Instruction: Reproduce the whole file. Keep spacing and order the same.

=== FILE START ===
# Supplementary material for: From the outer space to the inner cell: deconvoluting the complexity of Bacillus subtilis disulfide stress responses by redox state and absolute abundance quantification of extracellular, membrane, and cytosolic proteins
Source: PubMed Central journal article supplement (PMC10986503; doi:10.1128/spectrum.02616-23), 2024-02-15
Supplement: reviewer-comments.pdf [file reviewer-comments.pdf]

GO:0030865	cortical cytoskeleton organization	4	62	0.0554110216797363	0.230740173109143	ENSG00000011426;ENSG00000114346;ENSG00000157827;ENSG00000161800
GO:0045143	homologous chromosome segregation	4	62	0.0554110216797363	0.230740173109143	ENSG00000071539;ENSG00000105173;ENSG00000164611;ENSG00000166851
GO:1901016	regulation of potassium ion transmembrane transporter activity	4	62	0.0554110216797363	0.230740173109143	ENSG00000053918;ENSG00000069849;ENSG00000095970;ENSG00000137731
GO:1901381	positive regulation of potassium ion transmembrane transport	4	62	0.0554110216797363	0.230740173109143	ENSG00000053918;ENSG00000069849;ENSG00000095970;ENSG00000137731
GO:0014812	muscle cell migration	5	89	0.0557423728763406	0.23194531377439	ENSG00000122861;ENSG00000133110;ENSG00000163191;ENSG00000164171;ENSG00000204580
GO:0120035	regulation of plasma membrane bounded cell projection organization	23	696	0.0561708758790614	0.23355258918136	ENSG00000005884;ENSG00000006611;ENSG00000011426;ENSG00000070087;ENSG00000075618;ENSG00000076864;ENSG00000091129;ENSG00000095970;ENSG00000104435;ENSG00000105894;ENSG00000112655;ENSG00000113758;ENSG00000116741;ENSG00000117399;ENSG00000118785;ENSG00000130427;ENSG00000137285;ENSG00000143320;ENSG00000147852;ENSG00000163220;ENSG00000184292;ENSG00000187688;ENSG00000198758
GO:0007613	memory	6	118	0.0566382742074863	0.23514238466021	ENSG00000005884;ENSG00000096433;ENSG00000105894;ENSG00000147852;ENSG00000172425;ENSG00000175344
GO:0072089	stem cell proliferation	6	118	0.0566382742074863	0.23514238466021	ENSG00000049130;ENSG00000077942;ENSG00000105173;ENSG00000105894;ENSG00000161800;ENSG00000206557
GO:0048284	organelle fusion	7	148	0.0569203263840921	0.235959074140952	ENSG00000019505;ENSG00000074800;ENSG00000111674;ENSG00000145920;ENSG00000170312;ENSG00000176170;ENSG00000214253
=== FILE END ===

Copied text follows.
# Supplementary material for: From the outer space to the inner cell: deconvoluting the complexity of Bacillus subtilis disulfide stress responses by redox state and absolute abundance quantification of extracellular, membrane, and cytosolic proteins
Source: PubMed Central journal article supplement (PMC10986503; doi:10.1128/spectrum.02616-23), 2024-02-15
Supplement: reviewer-comments.pdf [file reviewer-comments.pdf]

GO:0030865	cortical cytoskeleton organization	4	62	0.0554110216797363	0.230740173109143	ENSG00000011426;ENSG00000114346;ENSG00000157827;ENSG00000161800
GO:0045143	homologous chromosome segregation	4	62	0.0554110216797363	0.230740173109143	ENSG00000071539;ENSG00000105173;ENSG00000164611;ENSG00000166851
GO:1901016	regulation of potassium ion transmembrane transporter activity	4	62	0.0554110216797363	0.230740173109143	ENSG00000053918;ENSG00000069849;ENSG00000095970;ENSG00000137731
GO:1901381	positive regulation of potassium ion transmembrane transport	4	62	0.0554110216797363	0.230740173109143	ENSG00000053918;ENSG00000069849;ENSG00000095970;ENSG00000137731
GO:0014812	muscle cell migration	5	89	0.0557423728763406	0.23194531377439	ENSG00000122861;ENSG00000133110;ENSG00000163191;ENSG00000164171;ENSG00000204580
GO:0120035	regulation of plasma membrane bounded cell projection organization	23	696	0.0561708758790614	0.23355258918136	ENSG00000005884;ENSG00000006611;ENSG00000011426;ENSG00000070087;ENSG00000075618;ENSG00000076864;ENSG00000091129;ENSG00000095970;ENSG00000104435;ENSG00000105894;ENSG00000112655;ENSG00000113758;ENSG00000116741;ENSG00000117399;ENSG00000118785;ENSG00000130427;ENSG00000137285;ENSG00000143320;ENSG00000147852;ENSG00000163220;ENSG00000184292;ENSG00000187688;ENSG00000198758
GO:0007613	memory	6	118	0.0566382742074863	0.23514238466021	ENSG00000005884;ENSG00000096433;ENSG00000105894;ENSG00000147852;ENSG00000172425;ENSG00000175344
GO:0072089	stem cell proliferation	6	118	0.0566382742074863	0.23514238466021	ENSG00000049130;ENSG00000077942;ENSG00000105173;ENSG00000105894;ENSG00000161800;ENSG00000206557
GO:0048284	organelle fusion	7	148	0.0569203263840921	0.235959074140952	ENSG00000019505;ENSG00000074800;ENSG00000111674;ENSG00000145920;ENSG00000170312;ENSG00000176170;ENSG00000214253